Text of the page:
A Window into the Past

Blogging challenges, National Trust, North Yorkshire, Ripon

I’m back volunteering at Fountains Abbey, and every time I’m there, I’ll spend time in the ruined Abbey itself.  I’ll gaze up at the voids which were once windows.  Any stone tracery has long disappeared, revealing views of the sky and trees beyond.  And I wonder what the monks saw, during their long hours of worship – eight sessions a day, the first at 2.00 a.m., when the night was charcoal-black and only smoky tallow candles lit the space?  The ascetic Cistercians had no statuary in their churches, little stained glass, so the monks probably glimpsed a barely-to-be-discerned landscape beyond, through water-greenish, slightly uneven glass.

In her challenge this week, Jude has invited us to compare the same scene in colour, and in black and white.  I thought it would be interesting to do this in a building in which colour plays little part.  Surely there would be little difference?  Well, apparently there is.  I find the black and white version a little too austere for my tastes. What do you think?

And here’s a view of the Abbey with Huby’s Tower, which was completed a mere 13 years before Henry VIII brought the Fountains Abbey community to an end in 1539 during the Dissolution of the Monasteries.  I’ve tried to show it more as it might have looked then, set in a wilder landscape than the manicured parkland we see today.  And when it came to the monochrome version – well, there’s black and white, and black and white.  Again, there are choices here ….

2020 Photo Challenge #34

Monday Window

50 thoughts on “A Window into the Past

  1. I love these ruined abbeys scattered around. The photos are good and, while I prefer the softer B&W for the distant photo, I prefer the colour one of the windows as it better highlights the rich hues of the stone.

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  2. Lovely pictures, I think colour is best. The tones in the stones are beautiful and interesting but don’t pop in b&w.

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  3. Wonderful windows, or rather remembrances of windows. When it comes to B&W that is a different art altogether, how the colors are translated, emphasized, how the tones are shifted. These photos lend themselves to marvelous interpretation in B&W. You should not attempt to compare a color version with a quick B&W. That is like comparing apples and sea shells. B&W is a different way of seeing the world. It hakes time, effort and dedication. Thanks for sharing.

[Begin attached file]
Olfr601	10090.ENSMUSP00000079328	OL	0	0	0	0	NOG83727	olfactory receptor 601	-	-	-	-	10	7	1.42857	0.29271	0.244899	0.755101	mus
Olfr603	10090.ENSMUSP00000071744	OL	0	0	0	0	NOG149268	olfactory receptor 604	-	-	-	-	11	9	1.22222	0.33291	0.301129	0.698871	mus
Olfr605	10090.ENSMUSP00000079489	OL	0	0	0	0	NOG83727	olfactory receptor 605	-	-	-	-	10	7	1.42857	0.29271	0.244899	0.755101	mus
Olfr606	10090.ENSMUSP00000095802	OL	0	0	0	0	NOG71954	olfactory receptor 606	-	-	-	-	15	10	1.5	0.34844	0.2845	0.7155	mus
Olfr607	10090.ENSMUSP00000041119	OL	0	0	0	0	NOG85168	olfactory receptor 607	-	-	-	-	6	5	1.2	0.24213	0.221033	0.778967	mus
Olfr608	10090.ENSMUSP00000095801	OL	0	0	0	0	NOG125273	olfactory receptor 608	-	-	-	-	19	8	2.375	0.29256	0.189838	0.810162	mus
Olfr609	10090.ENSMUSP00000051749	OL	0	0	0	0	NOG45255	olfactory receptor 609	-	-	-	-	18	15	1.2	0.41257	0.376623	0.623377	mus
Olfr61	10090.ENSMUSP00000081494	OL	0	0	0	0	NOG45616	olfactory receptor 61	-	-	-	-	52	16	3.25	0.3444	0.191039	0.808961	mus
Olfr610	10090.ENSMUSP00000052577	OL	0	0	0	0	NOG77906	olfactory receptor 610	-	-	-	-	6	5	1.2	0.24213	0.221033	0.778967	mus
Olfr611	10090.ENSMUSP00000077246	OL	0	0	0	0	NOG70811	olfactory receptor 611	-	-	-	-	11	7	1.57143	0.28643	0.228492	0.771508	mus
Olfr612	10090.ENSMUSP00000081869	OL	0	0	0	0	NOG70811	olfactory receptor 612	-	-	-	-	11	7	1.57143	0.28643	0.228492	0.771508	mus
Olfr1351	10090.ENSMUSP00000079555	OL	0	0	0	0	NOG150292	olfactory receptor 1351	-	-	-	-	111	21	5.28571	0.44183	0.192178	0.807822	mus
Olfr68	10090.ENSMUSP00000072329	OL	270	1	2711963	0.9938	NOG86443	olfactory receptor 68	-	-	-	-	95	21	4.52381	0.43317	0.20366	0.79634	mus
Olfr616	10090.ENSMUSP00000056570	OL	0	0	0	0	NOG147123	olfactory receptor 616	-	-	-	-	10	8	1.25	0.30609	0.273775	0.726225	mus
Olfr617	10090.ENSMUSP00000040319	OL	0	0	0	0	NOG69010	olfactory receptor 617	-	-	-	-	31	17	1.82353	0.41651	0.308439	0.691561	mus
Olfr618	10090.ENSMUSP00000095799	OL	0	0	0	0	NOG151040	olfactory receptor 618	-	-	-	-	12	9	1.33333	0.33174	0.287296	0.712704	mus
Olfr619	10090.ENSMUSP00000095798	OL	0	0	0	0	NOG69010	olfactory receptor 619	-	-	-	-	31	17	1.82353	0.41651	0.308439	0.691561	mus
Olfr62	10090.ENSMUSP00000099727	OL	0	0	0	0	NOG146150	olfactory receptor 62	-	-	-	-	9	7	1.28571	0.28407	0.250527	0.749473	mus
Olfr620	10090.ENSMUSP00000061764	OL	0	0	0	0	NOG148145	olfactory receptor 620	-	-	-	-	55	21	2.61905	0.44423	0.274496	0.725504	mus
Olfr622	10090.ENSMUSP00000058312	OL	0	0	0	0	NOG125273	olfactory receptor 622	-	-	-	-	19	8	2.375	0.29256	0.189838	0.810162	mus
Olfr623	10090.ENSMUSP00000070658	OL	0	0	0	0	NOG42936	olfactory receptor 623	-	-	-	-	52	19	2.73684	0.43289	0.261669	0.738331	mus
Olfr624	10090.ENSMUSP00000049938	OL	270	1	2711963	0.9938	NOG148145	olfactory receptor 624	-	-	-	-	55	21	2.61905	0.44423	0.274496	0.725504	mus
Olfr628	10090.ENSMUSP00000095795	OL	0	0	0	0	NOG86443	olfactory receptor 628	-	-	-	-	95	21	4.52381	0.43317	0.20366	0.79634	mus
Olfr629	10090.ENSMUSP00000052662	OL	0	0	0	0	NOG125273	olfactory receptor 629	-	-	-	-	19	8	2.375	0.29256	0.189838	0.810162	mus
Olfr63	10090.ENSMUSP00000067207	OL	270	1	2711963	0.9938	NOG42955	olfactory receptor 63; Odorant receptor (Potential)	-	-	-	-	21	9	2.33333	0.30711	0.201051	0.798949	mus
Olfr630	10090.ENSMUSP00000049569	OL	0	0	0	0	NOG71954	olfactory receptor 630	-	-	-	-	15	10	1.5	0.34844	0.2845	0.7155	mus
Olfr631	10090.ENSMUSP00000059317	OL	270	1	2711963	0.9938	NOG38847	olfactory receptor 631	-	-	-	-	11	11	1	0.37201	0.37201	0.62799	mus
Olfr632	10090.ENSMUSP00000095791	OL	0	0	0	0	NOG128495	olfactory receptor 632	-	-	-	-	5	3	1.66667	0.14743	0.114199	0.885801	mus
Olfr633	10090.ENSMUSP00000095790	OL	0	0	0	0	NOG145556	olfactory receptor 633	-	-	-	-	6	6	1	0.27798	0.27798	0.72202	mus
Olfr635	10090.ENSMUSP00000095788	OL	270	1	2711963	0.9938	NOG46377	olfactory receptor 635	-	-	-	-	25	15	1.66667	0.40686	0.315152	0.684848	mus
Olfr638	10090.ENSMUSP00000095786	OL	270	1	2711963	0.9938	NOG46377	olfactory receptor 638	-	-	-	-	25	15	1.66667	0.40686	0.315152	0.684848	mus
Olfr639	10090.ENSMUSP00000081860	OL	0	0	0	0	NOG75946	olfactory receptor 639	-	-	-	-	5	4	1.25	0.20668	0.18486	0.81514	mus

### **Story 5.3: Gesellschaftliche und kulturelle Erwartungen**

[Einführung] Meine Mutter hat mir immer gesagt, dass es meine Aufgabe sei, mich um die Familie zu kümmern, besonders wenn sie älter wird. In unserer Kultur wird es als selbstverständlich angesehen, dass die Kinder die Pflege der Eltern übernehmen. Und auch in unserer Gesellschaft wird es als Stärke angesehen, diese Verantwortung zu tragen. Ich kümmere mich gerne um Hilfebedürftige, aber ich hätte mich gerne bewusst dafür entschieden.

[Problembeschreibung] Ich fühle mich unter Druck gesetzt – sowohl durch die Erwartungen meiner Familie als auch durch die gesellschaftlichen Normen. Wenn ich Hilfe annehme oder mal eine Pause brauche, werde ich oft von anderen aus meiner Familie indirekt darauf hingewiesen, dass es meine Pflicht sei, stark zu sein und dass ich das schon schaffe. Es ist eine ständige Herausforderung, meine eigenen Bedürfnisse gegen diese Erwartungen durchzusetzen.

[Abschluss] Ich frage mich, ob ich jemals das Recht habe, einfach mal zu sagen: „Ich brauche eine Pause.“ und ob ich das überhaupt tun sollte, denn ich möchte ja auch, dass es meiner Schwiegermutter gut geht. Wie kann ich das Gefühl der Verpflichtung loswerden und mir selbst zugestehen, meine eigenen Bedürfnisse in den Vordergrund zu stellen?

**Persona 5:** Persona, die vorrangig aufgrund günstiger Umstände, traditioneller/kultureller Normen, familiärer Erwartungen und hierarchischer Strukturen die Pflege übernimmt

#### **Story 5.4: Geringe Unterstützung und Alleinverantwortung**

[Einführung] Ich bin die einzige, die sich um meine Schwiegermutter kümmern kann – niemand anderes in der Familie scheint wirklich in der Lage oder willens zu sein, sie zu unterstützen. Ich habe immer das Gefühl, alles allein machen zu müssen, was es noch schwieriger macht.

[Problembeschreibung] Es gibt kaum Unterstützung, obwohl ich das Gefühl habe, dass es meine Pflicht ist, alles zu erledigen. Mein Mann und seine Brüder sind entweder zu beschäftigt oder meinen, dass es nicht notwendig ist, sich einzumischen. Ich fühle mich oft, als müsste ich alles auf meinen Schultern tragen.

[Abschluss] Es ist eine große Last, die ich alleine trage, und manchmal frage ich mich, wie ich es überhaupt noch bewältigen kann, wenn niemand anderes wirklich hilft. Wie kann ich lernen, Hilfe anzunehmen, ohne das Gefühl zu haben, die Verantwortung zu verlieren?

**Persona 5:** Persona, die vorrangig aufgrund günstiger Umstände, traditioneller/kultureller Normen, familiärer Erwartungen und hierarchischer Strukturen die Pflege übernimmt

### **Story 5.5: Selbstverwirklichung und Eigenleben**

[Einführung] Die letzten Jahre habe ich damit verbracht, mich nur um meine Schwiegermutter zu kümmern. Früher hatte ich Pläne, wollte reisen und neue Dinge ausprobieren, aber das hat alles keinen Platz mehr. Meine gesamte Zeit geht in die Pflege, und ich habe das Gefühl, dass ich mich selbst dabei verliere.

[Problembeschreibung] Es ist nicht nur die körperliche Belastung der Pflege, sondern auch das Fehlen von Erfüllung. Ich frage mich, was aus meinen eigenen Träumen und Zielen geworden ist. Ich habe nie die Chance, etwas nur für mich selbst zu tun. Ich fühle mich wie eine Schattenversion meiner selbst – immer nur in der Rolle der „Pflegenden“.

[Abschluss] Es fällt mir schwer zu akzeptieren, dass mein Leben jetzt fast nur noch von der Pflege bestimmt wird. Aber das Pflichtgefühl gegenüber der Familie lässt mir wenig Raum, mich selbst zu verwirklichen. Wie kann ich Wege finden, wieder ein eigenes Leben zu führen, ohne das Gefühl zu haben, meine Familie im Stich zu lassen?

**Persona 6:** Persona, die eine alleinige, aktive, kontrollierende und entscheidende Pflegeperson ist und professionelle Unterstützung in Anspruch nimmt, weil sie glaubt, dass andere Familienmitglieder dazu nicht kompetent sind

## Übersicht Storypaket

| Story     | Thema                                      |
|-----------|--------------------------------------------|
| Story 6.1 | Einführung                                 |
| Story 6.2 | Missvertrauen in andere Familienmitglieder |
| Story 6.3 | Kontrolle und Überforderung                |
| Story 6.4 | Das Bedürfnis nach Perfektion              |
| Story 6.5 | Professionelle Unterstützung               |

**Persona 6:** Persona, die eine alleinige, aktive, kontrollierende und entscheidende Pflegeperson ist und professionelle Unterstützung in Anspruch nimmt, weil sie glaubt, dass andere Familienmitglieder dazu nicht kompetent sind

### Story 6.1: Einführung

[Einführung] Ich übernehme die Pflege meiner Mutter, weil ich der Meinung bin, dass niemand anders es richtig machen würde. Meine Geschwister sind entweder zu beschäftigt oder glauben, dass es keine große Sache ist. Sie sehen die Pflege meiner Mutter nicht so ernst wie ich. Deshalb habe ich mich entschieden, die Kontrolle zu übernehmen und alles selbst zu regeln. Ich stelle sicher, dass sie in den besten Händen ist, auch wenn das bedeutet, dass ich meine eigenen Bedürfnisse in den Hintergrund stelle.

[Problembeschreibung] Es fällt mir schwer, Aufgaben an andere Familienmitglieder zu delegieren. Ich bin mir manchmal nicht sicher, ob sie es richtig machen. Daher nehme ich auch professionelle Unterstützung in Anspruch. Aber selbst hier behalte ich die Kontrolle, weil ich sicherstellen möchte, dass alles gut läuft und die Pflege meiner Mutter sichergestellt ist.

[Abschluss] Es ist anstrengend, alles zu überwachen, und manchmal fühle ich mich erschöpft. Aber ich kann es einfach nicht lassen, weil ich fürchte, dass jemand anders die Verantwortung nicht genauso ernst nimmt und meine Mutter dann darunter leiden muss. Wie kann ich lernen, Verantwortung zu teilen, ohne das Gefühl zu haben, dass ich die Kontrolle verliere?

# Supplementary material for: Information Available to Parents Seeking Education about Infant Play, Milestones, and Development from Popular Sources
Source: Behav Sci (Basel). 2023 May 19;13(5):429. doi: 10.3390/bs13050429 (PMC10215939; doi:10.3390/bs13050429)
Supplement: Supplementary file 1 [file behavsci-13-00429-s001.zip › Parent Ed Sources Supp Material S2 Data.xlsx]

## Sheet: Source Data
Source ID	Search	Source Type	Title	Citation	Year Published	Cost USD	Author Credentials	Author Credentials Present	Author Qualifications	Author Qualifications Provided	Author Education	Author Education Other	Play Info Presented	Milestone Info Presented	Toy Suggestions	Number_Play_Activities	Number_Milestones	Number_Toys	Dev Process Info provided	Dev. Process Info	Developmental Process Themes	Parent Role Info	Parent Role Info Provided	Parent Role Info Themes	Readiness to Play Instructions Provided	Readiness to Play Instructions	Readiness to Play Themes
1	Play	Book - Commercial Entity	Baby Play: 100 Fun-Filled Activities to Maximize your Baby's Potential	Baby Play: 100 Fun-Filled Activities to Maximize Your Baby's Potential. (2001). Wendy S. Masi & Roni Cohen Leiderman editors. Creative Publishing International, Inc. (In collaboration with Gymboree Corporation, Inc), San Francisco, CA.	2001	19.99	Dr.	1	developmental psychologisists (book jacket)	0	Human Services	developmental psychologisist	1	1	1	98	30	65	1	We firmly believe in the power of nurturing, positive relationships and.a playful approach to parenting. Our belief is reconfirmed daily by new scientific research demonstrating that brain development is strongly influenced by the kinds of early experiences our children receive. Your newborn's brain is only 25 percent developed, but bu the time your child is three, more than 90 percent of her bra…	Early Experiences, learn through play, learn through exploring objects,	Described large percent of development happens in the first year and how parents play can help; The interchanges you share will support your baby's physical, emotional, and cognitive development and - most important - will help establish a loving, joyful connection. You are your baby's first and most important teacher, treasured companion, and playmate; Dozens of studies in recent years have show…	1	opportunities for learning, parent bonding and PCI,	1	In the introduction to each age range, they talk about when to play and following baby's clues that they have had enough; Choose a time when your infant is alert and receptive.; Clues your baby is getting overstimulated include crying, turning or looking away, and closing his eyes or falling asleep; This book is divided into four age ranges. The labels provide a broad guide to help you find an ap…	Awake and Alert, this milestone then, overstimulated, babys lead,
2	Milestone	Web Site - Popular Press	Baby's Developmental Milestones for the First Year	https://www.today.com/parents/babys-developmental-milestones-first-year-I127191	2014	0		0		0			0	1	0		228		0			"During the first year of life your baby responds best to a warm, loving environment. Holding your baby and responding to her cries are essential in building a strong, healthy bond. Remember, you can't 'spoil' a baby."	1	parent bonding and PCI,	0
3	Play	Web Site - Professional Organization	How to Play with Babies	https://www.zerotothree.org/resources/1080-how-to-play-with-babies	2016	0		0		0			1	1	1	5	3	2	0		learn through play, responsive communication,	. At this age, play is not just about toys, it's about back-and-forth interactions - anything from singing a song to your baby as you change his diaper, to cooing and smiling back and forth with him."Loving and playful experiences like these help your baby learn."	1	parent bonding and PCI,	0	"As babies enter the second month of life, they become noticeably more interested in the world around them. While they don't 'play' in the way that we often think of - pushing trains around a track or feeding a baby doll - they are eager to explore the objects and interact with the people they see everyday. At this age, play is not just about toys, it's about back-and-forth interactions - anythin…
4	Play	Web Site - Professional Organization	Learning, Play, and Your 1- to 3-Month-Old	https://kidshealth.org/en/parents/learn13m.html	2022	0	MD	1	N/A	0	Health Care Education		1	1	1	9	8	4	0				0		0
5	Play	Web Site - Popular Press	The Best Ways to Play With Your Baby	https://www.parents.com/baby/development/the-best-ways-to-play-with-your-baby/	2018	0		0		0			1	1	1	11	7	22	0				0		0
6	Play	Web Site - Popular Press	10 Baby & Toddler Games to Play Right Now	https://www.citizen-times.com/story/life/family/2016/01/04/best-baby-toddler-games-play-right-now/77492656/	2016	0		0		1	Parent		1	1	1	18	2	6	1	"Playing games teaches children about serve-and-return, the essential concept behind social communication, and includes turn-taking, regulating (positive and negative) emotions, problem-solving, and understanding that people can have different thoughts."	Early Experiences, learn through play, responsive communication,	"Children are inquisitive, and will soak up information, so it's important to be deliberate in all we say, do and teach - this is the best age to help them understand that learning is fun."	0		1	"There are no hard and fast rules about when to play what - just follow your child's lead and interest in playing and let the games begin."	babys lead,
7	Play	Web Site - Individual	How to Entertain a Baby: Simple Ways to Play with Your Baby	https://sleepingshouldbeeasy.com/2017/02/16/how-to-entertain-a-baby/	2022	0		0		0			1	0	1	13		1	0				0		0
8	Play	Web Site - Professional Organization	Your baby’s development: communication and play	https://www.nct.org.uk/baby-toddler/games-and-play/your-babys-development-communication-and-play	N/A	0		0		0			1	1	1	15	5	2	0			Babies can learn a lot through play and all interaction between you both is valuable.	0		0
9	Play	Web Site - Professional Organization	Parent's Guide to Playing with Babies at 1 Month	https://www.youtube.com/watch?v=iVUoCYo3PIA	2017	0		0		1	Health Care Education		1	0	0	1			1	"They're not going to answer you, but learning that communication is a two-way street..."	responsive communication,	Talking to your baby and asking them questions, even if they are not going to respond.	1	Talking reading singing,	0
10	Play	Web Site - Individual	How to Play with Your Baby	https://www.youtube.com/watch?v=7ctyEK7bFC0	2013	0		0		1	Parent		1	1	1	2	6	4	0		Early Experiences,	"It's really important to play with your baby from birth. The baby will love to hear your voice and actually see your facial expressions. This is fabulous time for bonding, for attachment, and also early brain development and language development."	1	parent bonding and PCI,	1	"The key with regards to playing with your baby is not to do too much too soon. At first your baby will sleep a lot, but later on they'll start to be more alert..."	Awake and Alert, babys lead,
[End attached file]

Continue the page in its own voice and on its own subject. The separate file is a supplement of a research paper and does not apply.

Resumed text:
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  4. Am always envious when I read about your time spent at Fountains. It is a fascinating site. I was wondering whether you set you camera to take black and white or whether you changed colour shots to black and white.

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      1. Reading some of the comments above, it looks like black and white photography is a very considered affair. I find it hard to see past colour. Like you I change the shots and see what I get.

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  5. One of the wonderful things about Fountains Abbey is the peaceful, green setting. Your black and white photo with the soft focus background manages to convey something of the setting without the colour but I think the colour does improve it. It’s a lovely photo, grounding the abbey in wild countryside rather than manicured lawns.

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    1. They’re allowing it to grow much wilder since lockdown. I much prefer it. I think there is a place for black and white here, but not necessarily in the photos I took.

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  6. I know your challenge was for B & W but I think that sepia would suit this image rather well. I am always in awe at the feat of engineering and construction of these ancient buildings…and yes, I too wonder what life would have been like in such austere surroundings.